On the issue of fracking, where agreements about facts are scarce, there is never a shortage of passion and emotion.
So let’s look at this fact: 557, as in 557 adult signatures on a petition to ban hydrofracking that was presented to the Cochecton Town Board. The petition drive was conducted by the anti-fracking group Keep Cochecton Green (KCG), who went door to door to each occupied residence. According to the 2010 U.S. census, the population of Cochecton is 1,372 people.
What that number 557 means varies among residents. For instance, town supervisor Gary Maas, who remains neutral on the matter while waiting for the NYS Department of Environmental Conservation (DEC) to hand down its new regulations, had this to say about the petition, “It’s impressive. 550. That’s a good number. That’s a big number.”
Resident Alan Rubin, who presented the petition on behalf of KCG, viewed 557 like this, “The petition shows the town people in favor of a ban on high-impact industry are in the overwhelming majority,” claiming 557 is twice as many names as a competing pro-fracking petition going around.
Pro-fracking resident Peter Grosser, views 557 with caution. “They are very passionate about what they are espousing. But I think it’s a doomsday effect that everything is going to be contaminated that they are going for,” which he says could have influenced how people feel about the issue.
A new Quinnipiac poll released last week shows New Yorkers as a whole approve of fracking 45% to 41%, with the margin widening upstate, 48% to 40%.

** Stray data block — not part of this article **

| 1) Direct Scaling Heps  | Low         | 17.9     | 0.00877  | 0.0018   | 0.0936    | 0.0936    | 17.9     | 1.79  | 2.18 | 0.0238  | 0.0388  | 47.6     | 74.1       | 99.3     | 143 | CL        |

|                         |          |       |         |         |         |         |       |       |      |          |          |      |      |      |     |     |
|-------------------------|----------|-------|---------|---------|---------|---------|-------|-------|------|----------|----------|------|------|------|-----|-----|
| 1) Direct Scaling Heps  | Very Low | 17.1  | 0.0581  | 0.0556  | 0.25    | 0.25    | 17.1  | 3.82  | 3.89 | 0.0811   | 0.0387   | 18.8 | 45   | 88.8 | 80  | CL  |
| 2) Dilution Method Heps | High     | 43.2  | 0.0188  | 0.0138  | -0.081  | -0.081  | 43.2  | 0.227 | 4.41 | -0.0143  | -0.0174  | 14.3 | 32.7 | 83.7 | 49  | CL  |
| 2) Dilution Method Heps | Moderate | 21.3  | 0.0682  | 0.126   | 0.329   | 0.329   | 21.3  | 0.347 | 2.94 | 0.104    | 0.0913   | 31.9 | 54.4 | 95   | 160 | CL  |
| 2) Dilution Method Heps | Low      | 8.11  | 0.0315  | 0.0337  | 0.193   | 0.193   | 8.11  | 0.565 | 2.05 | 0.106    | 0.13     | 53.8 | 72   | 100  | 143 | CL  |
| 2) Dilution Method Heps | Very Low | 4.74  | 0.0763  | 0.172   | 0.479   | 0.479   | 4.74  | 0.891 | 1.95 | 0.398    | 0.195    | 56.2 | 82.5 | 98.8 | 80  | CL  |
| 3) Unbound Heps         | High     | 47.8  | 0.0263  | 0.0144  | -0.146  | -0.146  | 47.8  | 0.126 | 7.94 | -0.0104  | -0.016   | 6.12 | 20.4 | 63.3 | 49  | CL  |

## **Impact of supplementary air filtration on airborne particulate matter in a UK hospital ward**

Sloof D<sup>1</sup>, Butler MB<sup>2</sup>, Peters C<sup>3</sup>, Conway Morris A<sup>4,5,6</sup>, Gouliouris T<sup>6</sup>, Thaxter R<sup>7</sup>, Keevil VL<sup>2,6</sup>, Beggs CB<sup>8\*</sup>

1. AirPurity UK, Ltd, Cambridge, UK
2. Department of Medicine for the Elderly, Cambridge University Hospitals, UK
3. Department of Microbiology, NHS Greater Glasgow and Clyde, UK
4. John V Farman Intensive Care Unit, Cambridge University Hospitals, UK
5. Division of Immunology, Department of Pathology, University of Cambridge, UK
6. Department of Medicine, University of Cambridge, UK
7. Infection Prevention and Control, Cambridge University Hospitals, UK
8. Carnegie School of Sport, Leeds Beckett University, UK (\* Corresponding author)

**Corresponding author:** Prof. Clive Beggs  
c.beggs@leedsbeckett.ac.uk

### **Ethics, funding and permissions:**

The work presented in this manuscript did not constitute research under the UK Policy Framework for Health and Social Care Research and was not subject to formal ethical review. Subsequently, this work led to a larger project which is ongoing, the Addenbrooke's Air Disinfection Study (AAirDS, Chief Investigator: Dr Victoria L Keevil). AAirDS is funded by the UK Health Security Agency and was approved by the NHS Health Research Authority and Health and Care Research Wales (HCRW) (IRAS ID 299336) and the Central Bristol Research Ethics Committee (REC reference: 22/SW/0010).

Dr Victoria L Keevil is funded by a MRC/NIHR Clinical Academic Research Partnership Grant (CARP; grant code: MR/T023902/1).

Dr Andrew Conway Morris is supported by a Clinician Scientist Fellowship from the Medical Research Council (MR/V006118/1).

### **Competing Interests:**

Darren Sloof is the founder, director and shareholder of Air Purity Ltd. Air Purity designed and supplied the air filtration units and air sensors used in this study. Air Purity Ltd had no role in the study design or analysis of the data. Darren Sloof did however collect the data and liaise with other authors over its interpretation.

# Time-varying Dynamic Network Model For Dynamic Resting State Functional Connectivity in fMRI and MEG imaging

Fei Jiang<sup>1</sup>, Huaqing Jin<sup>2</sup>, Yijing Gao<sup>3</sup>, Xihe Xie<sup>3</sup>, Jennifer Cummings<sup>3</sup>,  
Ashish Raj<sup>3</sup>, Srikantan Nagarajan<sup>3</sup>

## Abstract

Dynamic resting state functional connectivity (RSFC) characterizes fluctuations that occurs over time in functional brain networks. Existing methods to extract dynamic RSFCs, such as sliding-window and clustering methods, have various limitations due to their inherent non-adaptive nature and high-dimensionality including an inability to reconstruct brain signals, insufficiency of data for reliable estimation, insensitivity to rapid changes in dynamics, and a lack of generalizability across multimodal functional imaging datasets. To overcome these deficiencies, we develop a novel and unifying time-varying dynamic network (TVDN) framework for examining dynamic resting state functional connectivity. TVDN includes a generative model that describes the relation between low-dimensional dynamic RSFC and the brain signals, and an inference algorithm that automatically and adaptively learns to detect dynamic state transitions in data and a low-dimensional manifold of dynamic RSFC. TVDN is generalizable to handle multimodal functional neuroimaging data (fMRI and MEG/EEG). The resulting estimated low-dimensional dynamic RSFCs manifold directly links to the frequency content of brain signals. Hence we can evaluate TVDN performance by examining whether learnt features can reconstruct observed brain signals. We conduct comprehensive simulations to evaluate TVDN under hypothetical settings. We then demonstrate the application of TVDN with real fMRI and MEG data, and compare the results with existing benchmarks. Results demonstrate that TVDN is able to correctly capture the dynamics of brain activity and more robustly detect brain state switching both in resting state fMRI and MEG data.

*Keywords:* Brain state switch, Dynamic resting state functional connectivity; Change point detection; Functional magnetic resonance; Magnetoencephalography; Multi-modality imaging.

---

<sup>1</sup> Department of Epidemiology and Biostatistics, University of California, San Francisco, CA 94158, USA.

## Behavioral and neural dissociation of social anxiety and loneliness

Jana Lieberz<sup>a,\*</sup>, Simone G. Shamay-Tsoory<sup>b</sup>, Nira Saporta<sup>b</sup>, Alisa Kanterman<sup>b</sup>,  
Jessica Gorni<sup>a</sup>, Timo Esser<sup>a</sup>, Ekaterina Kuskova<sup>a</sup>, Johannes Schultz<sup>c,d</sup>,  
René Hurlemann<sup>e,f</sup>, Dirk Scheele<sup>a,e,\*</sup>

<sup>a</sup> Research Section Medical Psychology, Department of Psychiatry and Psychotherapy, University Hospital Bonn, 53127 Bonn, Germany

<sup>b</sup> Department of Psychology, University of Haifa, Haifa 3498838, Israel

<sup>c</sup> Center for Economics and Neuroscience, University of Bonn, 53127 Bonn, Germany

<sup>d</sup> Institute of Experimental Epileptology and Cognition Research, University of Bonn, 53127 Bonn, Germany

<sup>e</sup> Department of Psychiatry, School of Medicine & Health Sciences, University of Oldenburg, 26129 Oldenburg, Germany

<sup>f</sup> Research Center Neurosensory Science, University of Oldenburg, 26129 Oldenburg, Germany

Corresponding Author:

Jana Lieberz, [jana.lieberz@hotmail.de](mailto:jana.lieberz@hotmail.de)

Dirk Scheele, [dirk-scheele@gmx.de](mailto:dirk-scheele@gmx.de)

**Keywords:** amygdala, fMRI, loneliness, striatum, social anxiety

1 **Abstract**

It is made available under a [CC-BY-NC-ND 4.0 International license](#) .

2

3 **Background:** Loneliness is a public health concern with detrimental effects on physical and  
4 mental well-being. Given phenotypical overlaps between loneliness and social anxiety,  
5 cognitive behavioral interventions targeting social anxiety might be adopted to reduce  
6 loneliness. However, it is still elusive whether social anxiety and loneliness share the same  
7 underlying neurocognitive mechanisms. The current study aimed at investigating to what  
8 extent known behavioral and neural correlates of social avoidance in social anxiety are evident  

The pending DEC hydrofracking regulations are a key factor in whether the board should delay or hasten to vote on the matter. KCG wants the board to vote on the issue now, fearing that upon receiving the new regulations Governor Andrew Cuomo will approve fracking in the state, with no further public discourse, making it harder for towns to control what happens within their borders. Rubin said to the board, “If you say no, you can change your mind later; but you won’t be able to change a yes to a no.”
Then there’s the trust issue. “The DEC has neither the manpower nor the will to protect us or the integrity of our communities,” Rubin said.
Councilperson Larry Richardson shared his own personal story about a hazardous waste landfill the DEC was monitoring. As part of the Upper Delaware Council (UDC), Richardson was privy to reports the DEC agreed to send to the UDC for monitoring purposes. When the reports stopped arriving, the UDC contacted the DEC, “and the DEC said there’s no money. So the monitoring stopped.”
In response to a request by the town for a timetable on the regulations, Maas read a letter from Senator John Bonacic’s office stating the governor has made it clear he will not put pressure on the DEC to expedite the process.
Maas said, “We should trust them [DEC] to some degree to make it right and make it safe for everybody. I think they have been somewhat responsible by not rushing it, unlike in PA. Maybe they do have a good plan.”
“There are new technologies that are being developed day by day. I really believe it can be done safely. I truly believe that,” says Grosser.
Five hundred and fifty-seven residents seem to disagree. Maas is contemplating putting the issue on the agenda to discuss again next month.